Further north, the MHD is in the early stages of environmental planning for the reconstruction of the I-95 (MA 128) / I-93 interchange in Canton. The proposed redesign calls for the construction of two-lane flyover ramps for northbound I-95 and southbound I-93, and reconstruction of the I-95 southbound ramp to accommodate two through traffic lanes. Additionally, as part of the MA 128 (I-95 and I-93) reconstruction project, the MHD plans to provide four through lanes in each direction for the mainline MA 128 (southbound I-95 to northbound I-93, and southbound I-93 to northbound I-95). Completion of this project is not scheduled until at least 2009.
COPING WITH CONGESTION: According to the Massachusetts Highway Department (MHD), I-95 carries approximately 100,000 vehicles per day (AADT) in the area of I-295 in Attleboro, approximately 80,000 vehicles per day in the area of I-495 in Mansfield, and 110,000 vehicles per day in the area of MA 128 in Canton.
Both the MHD and the Southeastern Regional Planning and Economic Development District (SRPEDD) expect traffic to continue to increase through 2020; this congestion is attributed to heavy through traffic between Providence and Boston. Despite this projection, neither agency recommends increasing capacity on I-95. Instead, state and local agencies advocate the construction of additional park-and-ride lots, and additional service on the MBTA Providence commuter rail line.
For the next five-year period, the SRPEDD recommends the construction of new ramps at EXIT 3 (MA 123) in Attleboro to accommodate traffic flows from a proposed 189-acre industrial park nearby, and the reconstruction of EXIT 5 (MA 152) in North Attleboro to ease congestion.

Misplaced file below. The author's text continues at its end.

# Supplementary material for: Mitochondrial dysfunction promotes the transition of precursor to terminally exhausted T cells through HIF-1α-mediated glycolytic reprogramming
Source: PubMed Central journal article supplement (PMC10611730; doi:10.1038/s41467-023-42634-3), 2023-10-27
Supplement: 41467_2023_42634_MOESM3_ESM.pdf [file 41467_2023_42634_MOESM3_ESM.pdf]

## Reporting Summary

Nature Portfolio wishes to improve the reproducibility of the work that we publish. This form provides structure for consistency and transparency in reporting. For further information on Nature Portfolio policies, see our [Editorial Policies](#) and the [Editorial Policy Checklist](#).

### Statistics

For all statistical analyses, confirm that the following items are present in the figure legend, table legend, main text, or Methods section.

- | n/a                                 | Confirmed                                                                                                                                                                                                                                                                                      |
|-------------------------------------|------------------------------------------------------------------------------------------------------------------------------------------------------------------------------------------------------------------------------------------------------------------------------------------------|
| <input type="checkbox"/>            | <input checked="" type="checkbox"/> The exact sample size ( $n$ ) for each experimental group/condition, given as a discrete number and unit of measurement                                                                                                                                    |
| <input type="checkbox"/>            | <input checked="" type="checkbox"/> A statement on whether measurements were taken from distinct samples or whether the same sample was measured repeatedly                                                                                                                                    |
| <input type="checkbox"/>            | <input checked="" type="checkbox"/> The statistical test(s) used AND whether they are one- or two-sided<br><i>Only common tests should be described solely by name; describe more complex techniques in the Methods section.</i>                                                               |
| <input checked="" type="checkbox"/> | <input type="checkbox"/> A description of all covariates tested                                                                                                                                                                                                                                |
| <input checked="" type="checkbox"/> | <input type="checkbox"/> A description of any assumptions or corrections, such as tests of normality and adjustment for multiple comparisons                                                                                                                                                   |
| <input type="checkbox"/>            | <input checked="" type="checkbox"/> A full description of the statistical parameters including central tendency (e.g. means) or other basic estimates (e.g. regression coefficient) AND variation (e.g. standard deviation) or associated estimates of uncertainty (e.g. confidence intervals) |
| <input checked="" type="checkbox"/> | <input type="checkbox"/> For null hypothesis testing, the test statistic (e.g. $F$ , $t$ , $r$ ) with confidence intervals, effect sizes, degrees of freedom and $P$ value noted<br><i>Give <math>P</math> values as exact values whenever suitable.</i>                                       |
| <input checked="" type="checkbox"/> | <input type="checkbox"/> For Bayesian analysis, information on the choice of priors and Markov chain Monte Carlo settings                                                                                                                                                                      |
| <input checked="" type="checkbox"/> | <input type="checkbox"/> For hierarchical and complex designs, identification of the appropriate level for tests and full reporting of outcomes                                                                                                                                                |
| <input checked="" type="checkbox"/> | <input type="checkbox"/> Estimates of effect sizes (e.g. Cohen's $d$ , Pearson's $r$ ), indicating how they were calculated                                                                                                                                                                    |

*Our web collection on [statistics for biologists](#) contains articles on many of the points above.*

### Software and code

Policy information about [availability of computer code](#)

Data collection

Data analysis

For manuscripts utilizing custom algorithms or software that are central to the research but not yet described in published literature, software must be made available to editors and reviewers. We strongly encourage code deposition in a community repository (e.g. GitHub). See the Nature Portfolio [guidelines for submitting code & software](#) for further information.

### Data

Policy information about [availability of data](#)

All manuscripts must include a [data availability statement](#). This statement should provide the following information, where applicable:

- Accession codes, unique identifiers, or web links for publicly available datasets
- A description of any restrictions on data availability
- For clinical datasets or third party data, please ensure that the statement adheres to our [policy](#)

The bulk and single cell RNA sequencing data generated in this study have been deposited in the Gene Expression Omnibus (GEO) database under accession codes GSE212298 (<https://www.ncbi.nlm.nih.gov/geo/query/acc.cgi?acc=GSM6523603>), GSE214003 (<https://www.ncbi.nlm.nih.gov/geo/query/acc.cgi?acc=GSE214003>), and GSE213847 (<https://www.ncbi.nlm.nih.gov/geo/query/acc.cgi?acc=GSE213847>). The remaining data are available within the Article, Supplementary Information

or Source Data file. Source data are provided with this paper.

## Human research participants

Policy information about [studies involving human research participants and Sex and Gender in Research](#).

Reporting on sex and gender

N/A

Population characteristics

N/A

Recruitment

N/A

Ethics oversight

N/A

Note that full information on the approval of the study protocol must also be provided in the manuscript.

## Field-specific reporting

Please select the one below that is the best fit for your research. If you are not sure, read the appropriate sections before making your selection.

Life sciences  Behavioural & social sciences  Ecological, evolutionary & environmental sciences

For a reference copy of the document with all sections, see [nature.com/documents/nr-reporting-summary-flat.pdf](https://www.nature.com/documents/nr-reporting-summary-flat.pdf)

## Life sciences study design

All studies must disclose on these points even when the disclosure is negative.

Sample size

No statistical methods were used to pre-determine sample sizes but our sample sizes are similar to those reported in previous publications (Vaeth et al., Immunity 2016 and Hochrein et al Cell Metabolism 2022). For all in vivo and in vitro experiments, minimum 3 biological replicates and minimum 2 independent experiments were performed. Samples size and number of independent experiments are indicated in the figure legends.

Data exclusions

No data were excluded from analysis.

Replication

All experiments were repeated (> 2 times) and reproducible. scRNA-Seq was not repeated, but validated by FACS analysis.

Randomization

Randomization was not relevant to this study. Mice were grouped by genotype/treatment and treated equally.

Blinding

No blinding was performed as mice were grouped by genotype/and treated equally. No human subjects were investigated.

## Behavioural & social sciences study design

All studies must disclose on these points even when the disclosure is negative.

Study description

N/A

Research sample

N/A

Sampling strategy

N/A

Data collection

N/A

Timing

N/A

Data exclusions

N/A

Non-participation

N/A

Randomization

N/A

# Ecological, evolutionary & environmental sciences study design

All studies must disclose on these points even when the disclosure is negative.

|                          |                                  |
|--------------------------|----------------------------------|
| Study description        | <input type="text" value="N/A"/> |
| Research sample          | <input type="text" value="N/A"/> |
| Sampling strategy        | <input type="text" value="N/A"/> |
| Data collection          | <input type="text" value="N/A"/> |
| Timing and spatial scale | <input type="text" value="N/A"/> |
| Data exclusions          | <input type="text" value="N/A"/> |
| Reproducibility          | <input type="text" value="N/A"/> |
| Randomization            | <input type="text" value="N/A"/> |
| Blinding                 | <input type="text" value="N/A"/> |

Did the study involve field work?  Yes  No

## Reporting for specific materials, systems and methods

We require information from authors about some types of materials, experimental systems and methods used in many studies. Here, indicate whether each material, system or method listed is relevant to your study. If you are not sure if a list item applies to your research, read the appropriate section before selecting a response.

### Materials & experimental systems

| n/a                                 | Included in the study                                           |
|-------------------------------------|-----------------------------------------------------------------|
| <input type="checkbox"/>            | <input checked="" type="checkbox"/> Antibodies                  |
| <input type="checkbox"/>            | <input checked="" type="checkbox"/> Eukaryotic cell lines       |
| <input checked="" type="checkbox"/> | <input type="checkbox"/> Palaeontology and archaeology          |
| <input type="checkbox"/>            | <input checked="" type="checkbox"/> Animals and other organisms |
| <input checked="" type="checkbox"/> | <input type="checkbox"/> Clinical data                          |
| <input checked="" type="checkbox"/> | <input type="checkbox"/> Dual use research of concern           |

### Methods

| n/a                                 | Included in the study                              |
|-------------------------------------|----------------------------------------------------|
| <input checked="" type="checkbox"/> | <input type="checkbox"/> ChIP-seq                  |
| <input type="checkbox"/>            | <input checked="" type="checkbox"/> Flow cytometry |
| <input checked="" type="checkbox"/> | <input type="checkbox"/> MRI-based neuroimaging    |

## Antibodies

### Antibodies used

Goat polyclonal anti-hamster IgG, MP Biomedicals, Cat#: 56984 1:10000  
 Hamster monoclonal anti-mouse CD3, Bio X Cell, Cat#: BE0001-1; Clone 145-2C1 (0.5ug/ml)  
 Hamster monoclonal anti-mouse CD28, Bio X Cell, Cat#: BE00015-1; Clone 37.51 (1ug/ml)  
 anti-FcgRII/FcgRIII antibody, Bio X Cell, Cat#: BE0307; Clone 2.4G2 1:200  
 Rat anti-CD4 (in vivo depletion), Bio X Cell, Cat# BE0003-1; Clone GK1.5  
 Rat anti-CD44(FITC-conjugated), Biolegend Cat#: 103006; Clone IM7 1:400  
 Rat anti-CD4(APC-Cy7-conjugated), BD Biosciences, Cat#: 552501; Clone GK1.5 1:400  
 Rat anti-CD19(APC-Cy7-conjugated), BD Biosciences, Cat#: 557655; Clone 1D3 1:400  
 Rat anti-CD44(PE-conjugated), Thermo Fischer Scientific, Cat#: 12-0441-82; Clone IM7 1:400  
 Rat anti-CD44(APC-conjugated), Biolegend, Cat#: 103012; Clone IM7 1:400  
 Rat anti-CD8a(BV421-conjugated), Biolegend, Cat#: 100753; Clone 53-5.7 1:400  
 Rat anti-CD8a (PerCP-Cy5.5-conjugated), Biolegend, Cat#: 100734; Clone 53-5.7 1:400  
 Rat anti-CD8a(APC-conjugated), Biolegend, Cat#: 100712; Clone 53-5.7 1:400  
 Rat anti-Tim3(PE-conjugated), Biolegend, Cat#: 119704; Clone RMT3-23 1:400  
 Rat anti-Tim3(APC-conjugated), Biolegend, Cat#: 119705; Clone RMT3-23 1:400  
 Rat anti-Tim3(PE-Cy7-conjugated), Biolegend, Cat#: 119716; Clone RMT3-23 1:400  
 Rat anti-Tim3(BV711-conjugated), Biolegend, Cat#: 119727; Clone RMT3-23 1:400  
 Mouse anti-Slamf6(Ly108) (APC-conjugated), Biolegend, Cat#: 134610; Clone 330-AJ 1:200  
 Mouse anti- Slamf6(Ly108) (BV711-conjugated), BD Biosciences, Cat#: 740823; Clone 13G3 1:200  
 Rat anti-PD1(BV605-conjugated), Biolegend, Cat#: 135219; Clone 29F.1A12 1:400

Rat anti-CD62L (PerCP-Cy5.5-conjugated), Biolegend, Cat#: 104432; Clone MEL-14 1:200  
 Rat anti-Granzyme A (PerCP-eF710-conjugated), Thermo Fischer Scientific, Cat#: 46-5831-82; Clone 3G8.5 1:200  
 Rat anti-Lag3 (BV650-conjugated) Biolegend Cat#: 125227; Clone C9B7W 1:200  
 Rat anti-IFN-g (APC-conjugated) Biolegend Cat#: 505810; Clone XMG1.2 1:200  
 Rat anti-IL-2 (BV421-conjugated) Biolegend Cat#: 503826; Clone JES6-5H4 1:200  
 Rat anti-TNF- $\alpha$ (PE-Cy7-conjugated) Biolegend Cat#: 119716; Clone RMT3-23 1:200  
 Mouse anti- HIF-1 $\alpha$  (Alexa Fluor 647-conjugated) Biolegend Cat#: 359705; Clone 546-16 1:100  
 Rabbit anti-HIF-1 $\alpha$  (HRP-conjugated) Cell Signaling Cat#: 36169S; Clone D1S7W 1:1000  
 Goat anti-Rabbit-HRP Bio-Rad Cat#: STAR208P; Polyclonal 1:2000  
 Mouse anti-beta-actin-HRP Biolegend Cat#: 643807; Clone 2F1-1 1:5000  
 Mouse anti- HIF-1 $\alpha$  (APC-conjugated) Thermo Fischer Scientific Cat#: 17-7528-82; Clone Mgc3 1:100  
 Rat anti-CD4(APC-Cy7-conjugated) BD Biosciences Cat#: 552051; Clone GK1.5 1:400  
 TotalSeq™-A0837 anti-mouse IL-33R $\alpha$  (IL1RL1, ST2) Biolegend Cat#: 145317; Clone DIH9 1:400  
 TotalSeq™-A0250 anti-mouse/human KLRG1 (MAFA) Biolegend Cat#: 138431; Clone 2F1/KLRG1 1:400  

This 2001 photo shows the northbound I-95 approaching EXIT 3 (MA 123) and EXIT 4 (I-295) in Attleboro. (Photo by Douglas Kerr.)
MORE CHANGES FOR INTERCHANGES: In Attleboro, EXIT 4 on I-95 should be reconstructed to provide a two-lane right exit from southbound I-95 to southbound I-295, and a two-lane left exit from northbound I-295 to northbound I-95 (possibly as a flyover ramp). Provisions should also be made for a future Attleboro Connector.
In Mansfield, EXIT 6 (I-495 / Outer Circumferential Highway) should be reconstructed, either by constructing collector-distributor (C/D) roads on both I-95 and I-495, or by constructing a four-level stack interchange. The existing cloverleaf interchange, with its closely spaced ramps, is fast becoming a source of chronic congestion.
Finally, in Canton, the existing EXIT 12 (MA 128 and I-93 / Yankee Division Highway) should be converted from a "trumpet" interchange to a high-speed, "semi-directional-T" interchange. In this major interchange reconfiguration, the predominant movements should be changed from the former route of MA 128 to the current route of I-95. The new interchange setup would accommodate three through lanes of I-95 traffic in each direction, up from one lane in each direction in the current configuration.
SOURCES: Master Highway Plan for the Boston Metropolitan Area, Massachusetts Department of Public Works (1948); "A Report of Progress," Massachusetts Department of Public Works (1962); Recommended Highway and Transit Plan, Massachusetts Department of Public Works (1968); "The Massachusetts Highway Story (1949-1969)," Massachusetts Department of Public Works (1969); Boston Transportation Planning Review: Final Study Summary Report, Massachusetts Department of Public Works (1972); "New Canton Ramp to I-95 Is Set To Open" by Judith Forman, The Boston Globe (10/17/2002); Massachusetts Highway Department; Southeastern Regional Planning and Economic Development District; John Cairns; Dan Moraseski; Paul O'Brien; Paul Schlichtman; Alexander Svirsky.
I-95 shield by Ralph Herman. Lightpost by Millerbernd Manufacturing Company.